be attached to a pipe or pty, in which case it has no name.
    It may be attached to a file that has been removed.  It may
    have multiple names, due to either hard or symbolic links.

    If you really need to do this, and be sure you think long
    and hard about it and have decided that you have no choice,
    you can use find with the -inum and possibly -xdev option,
    or you can use ncheck, or you can recreate the functionality
    of one of these within your program.  Just realize that
    searching a 600 megabyte filesystem for a file that may not
    even exist is going to take some time.

9) How do I rename "*.foo" to "*.bar", or change file names to lowercase?

    Why doesn't "mv *.foo *.bar" work?  Think about how the shell
    expands wildcards.   "*.foo" "*.bar" are expanded before the mv
    command ever sees the arguments.  Depending on your shell, this
    can fail in a couple of ways.  CSH prints "No match." because
    it can't match "*.bar".  SH executes "mv a.foo b.foo c.foo *.bar",
    which will only succeed if you happen to have a single
    directory named "*.bar", which is very unlikely and almost
    certainly not what you had in mind.

    Depending on your shell, you can do it with a loop to "mv" each
    file individually.  If your system has "basename", you can use:

    C Shell:
        foreach f ( *.foo )
            set base=›basename $f .foo›
            mv $f $base.bar

    Bourne Shell:
        for f in *.foo; do
            base=›basename $f .foo›
            mv $f $base.bar

    Some shells have their own variable substitution features, so instead
    of using "basename", you can use simpler loops like:

    C Shell:

        foreach f ( *.foo )
            mv $f $f:r.bar

    Korn Shell:

        for f in *.foo; do
            mv $f $¤f%foo‡bar

    If you don't have "basename" or want to do something like
    renaming foo.* to bar.*, you can use something like "sed" to
    strip apart the original file name in other ways, but
    the general looping idea is the same.

    A program called "ren" that does this job nicely was posted
    to comp.sources.unix some time ago.  It lets you use

        ren '*.foo' '#1.bar'

    Shell loops like the above can also be used to translate
    file names from upper to lower case or vice versa.  You could use
    something like this to rename uppercase files to lowercase:

        C Shell:
            foreach f ( * )
                mv $f ›echo $f | tr '[A-Z]' '[a-z]'›
        Bourne Shell:
            for f in *; do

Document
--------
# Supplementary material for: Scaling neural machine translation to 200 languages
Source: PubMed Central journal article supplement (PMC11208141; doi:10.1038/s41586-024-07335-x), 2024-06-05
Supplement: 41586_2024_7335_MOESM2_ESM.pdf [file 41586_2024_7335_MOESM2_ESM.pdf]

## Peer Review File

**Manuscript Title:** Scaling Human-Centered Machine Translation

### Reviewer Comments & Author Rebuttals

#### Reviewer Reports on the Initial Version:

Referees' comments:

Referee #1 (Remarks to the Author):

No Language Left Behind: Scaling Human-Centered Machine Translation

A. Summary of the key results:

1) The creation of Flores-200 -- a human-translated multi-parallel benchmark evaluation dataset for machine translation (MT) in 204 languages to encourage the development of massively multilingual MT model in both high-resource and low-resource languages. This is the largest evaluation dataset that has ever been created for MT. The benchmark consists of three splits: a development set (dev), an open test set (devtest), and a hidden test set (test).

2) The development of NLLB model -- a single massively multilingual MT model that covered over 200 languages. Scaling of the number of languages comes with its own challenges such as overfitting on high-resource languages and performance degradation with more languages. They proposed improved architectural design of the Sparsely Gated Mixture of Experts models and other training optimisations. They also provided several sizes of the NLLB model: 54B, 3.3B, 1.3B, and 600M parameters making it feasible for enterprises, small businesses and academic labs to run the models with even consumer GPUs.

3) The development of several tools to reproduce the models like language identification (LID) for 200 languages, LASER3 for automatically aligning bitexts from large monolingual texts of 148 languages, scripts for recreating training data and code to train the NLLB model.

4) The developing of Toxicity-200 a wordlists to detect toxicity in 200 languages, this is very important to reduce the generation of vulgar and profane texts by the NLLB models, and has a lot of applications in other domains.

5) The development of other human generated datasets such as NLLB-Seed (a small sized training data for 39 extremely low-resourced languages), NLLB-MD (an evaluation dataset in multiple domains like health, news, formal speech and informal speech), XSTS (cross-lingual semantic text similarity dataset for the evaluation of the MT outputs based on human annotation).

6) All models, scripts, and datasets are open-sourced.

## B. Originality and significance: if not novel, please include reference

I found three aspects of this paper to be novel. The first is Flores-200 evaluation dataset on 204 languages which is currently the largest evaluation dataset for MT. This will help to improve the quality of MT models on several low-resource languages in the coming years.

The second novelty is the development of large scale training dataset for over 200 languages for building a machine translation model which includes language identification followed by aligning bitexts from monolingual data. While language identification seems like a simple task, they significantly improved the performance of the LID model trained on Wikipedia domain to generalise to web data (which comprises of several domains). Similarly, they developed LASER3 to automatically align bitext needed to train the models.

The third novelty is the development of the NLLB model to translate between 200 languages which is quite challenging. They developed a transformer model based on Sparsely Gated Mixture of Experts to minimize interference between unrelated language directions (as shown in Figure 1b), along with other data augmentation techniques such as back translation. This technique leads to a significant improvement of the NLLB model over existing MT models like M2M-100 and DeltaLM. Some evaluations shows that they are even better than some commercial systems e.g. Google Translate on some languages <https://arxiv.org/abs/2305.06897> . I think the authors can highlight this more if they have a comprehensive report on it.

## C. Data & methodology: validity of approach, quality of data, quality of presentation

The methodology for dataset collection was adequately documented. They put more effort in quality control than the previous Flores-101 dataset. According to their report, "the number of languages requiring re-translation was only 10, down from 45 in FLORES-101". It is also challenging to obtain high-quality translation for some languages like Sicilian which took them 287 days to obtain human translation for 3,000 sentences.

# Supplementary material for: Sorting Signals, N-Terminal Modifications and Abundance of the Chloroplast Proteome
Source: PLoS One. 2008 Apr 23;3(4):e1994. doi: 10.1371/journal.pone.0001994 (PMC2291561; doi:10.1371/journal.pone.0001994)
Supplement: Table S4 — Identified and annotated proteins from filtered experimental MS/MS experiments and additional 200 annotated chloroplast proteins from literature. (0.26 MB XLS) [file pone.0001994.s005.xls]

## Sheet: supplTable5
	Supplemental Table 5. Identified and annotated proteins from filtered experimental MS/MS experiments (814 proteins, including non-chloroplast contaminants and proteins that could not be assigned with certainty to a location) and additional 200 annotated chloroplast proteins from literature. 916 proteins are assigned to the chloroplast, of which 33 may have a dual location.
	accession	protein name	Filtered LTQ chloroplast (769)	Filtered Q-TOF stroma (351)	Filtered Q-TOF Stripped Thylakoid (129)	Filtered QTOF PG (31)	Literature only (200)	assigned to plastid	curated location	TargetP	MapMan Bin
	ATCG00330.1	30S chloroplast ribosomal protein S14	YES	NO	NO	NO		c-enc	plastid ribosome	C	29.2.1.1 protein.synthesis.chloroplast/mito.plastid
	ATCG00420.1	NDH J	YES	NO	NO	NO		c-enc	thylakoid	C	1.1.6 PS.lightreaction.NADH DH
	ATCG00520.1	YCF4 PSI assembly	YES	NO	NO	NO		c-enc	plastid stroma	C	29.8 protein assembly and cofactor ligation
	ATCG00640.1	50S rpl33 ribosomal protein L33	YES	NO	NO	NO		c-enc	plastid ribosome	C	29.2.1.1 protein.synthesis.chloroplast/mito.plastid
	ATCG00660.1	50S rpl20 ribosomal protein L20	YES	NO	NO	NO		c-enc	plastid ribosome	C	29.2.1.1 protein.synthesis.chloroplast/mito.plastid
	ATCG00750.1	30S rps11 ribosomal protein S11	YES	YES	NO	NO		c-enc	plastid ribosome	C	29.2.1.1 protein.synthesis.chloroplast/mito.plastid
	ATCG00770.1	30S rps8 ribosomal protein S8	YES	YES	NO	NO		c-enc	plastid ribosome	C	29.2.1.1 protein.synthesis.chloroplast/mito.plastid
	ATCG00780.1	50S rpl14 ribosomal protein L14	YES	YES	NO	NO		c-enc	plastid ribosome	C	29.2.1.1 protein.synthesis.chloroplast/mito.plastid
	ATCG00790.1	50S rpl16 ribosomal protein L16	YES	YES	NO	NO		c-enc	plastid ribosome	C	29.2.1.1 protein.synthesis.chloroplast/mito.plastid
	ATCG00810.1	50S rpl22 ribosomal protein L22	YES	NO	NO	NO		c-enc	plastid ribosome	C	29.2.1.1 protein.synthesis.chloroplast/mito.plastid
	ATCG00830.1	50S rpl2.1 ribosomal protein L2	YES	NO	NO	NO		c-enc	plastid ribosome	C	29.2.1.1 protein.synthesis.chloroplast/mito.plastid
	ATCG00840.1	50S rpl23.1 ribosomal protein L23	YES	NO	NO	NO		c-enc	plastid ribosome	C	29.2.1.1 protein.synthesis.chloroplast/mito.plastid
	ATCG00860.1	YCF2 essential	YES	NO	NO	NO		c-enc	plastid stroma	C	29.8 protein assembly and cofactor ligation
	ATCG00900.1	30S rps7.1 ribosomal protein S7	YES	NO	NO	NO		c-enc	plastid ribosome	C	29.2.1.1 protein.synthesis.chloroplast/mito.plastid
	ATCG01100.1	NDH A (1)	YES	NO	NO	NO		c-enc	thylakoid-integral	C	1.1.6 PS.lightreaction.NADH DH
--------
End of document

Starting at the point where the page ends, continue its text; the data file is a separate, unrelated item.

mv $f ›echo $f | tr '[A-Z]' '[a-z]'›

    If you wanted to be really thorough and handle files with
    ›funny' names (embedded blanks or whatever) you'd need to use

        Bourne Shell:

            for f in *; do
                eval mv '"$f"' Ø"›echo "$f" | tr '[A-Z]' '[a-z]'›Ø"
9't.  It happens
     to be harmless to include them in this particular example; versions of
     tr that don't want the [] will conveniently think they are supposed
     to translate '[' to '[' and ']' to ']').

    If you have the "perl" language installed, you may find this rename
    script by Larry Wall very useful.  It can be used to accomplish a
    wide variety of filename changes.

        # rename script examples from lwall:
        #       rename 's/Ø.orig$//' *.orig
        #       rename 'y/A-Z/a-z/ unless /^Make/' *
        #       rename '$_ .= ".bad"' *.f
        #       rename 'print "$_: "; s/foo/bar/ if  =Ä /^y/i' *

        $op = shift;
        for (@ARGV) ¤
            $was = $_;
            eval $op;
            die $@ if $@;
            rename($was,$_) unless $was eq $_;

10) Why do I get [some strange error message] when I "rsh host command" ?

    (We're talking about the remote shell program "rsh" or sometimes "remsh";
     on some machines, there is a restricted shell called "rsh", which
     is a different thing.)

    If your remote account uses the C shell, the remote host will
    fire up a C shell to execute 'command' for you, and that shell
    will read your remote .cshrc file.  Perhaps your .cshrc contains
    a "stty", "biff" or some other command that isn't appropriate
    for a non-interactive shell.  The unexpected output or error
    message from these commands can screw up your rsh in odd ways.

    Fortunately, the fix is simple.  There are, quite possibly, a whole
    *bunch* of operations in your ".cshrc" (e.g., "set history=N") that are
    simply not worth doing except in interactive shells.  What you do is
    surround them in your ".cshrc" with:

            if ( $?prompt ) then

    and, since in a non-interactive shell "prompt" won't be set, the
    operations in question will only be done in interactive shells.